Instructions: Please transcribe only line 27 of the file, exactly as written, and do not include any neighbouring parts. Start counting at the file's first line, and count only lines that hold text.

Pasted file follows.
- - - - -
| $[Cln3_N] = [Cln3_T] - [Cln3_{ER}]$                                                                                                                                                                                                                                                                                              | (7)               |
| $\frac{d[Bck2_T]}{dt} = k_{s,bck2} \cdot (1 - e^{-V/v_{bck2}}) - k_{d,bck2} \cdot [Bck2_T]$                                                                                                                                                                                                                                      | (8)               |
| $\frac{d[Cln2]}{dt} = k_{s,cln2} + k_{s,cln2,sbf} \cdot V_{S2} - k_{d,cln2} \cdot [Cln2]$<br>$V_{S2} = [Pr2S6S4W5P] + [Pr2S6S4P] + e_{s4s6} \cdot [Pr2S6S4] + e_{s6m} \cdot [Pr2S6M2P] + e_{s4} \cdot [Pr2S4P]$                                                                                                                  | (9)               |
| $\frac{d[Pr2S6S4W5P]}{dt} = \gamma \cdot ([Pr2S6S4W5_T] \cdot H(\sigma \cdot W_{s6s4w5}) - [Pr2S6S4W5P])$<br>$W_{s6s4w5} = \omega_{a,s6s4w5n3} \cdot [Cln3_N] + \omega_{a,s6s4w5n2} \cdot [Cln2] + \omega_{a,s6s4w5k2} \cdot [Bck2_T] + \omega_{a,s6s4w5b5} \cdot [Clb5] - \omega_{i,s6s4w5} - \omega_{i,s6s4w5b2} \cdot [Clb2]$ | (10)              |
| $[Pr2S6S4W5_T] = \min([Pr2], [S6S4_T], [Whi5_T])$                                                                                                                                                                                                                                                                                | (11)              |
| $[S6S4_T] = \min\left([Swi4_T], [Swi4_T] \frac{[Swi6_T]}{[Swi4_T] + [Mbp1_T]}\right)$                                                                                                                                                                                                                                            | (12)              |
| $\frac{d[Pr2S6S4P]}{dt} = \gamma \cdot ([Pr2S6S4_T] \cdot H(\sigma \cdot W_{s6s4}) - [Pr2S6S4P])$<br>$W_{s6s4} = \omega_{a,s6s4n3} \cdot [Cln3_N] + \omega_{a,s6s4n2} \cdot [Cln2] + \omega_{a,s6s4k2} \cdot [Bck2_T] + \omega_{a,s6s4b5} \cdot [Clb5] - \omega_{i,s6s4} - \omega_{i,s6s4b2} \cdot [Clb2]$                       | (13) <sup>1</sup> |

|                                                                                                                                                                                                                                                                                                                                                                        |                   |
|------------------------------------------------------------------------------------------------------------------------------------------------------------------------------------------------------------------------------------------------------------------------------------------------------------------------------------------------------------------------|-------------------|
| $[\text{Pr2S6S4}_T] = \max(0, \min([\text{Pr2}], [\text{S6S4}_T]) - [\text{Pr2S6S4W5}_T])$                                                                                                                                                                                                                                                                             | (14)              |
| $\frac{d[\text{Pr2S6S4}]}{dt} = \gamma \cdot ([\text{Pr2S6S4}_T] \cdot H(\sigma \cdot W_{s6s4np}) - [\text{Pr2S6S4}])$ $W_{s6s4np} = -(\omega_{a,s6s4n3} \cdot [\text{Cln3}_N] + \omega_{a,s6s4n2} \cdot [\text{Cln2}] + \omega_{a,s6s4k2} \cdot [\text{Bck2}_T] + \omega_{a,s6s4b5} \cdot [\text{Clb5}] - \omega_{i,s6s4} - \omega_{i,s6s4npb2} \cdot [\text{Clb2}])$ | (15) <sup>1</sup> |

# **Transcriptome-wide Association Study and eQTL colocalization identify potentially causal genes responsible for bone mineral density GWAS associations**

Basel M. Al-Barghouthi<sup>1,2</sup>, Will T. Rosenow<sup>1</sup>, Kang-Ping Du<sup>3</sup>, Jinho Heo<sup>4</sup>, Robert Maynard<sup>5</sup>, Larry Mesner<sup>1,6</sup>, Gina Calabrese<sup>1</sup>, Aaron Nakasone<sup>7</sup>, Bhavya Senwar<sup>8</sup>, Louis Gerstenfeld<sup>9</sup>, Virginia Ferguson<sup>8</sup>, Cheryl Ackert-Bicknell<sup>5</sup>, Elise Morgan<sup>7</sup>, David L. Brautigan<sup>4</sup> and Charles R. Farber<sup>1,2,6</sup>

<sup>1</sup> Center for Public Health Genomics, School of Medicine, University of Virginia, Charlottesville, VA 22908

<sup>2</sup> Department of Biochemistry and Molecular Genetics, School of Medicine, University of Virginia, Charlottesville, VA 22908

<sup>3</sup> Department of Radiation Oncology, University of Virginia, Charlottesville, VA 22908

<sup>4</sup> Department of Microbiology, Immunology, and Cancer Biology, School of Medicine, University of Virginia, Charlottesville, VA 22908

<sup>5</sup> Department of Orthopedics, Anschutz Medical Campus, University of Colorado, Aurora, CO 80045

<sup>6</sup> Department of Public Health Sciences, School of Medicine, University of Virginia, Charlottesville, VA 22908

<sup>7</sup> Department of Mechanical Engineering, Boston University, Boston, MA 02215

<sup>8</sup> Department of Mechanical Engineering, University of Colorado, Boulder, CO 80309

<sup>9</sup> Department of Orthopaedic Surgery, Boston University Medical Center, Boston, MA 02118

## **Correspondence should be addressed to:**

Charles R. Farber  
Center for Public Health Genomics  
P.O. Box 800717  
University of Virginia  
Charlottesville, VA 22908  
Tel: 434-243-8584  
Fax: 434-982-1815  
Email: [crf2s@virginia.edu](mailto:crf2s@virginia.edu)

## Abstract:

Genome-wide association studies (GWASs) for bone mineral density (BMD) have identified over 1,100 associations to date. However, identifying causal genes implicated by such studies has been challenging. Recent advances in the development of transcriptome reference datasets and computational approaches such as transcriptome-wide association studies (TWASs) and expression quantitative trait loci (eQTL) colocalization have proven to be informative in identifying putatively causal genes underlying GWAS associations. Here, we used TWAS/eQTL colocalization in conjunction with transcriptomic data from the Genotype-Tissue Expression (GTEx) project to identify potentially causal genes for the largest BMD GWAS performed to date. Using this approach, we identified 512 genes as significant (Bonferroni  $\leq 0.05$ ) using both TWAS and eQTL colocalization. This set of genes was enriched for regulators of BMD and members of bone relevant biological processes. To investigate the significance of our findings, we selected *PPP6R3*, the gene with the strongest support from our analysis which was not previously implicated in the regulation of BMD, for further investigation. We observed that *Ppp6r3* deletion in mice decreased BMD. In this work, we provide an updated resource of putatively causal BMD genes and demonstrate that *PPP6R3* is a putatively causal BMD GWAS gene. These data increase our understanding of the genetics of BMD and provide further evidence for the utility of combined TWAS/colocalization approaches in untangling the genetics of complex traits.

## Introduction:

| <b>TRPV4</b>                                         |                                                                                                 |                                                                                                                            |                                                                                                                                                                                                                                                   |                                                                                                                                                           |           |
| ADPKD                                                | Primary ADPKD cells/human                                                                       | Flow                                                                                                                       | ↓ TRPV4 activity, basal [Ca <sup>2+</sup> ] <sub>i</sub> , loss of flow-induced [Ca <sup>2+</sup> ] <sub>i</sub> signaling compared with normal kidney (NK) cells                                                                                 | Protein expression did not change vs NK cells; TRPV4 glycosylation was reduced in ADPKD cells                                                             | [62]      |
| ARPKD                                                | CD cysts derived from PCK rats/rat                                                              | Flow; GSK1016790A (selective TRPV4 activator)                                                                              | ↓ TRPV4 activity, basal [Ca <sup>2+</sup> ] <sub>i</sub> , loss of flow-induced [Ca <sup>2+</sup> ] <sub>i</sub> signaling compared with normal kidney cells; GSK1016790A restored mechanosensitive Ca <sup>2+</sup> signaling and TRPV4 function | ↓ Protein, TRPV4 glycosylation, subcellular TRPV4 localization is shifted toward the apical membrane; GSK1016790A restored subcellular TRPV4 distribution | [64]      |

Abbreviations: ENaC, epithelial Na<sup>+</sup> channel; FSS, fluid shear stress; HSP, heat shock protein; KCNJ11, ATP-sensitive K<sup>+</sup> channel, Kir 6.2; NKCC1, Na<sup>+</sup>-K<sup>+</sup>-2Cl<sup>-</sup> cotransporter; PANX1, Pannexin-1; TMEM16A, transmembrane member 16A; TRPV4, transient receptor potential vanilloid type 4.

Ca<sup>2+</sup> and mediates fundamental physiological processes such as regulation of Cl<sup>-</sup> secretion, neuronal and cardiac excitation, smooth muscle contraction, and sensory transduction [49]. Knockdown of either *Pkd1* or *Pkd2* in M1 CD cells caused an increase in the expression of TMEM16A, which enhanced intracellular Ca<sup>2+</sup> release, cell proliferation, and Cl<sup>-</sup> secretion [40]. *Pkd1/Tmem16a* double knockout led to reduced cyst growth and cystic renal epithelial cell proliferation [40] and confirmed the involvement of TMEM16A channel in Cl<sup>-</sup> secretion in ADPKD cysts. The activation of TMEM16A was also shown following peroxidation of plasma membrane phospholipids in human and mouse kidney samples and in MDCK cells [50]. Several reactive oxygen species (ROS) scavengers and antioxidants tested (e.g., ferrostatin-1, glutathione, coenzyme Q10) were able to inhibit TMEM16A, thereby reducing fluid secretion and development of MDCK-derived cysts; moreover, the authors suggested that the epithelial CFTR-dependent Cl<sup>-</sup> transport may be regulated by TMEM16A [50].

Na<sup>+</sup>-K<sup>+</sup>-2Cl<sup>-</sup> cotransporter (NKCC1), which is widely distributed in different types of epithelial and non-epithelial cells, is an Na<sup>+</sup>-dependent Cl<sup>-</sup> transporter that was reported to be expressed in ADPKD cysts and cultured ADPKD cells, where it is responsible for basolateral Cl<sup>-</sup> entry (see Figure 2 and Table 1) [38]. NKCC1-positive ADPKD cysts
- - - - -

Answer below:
University of Virginia  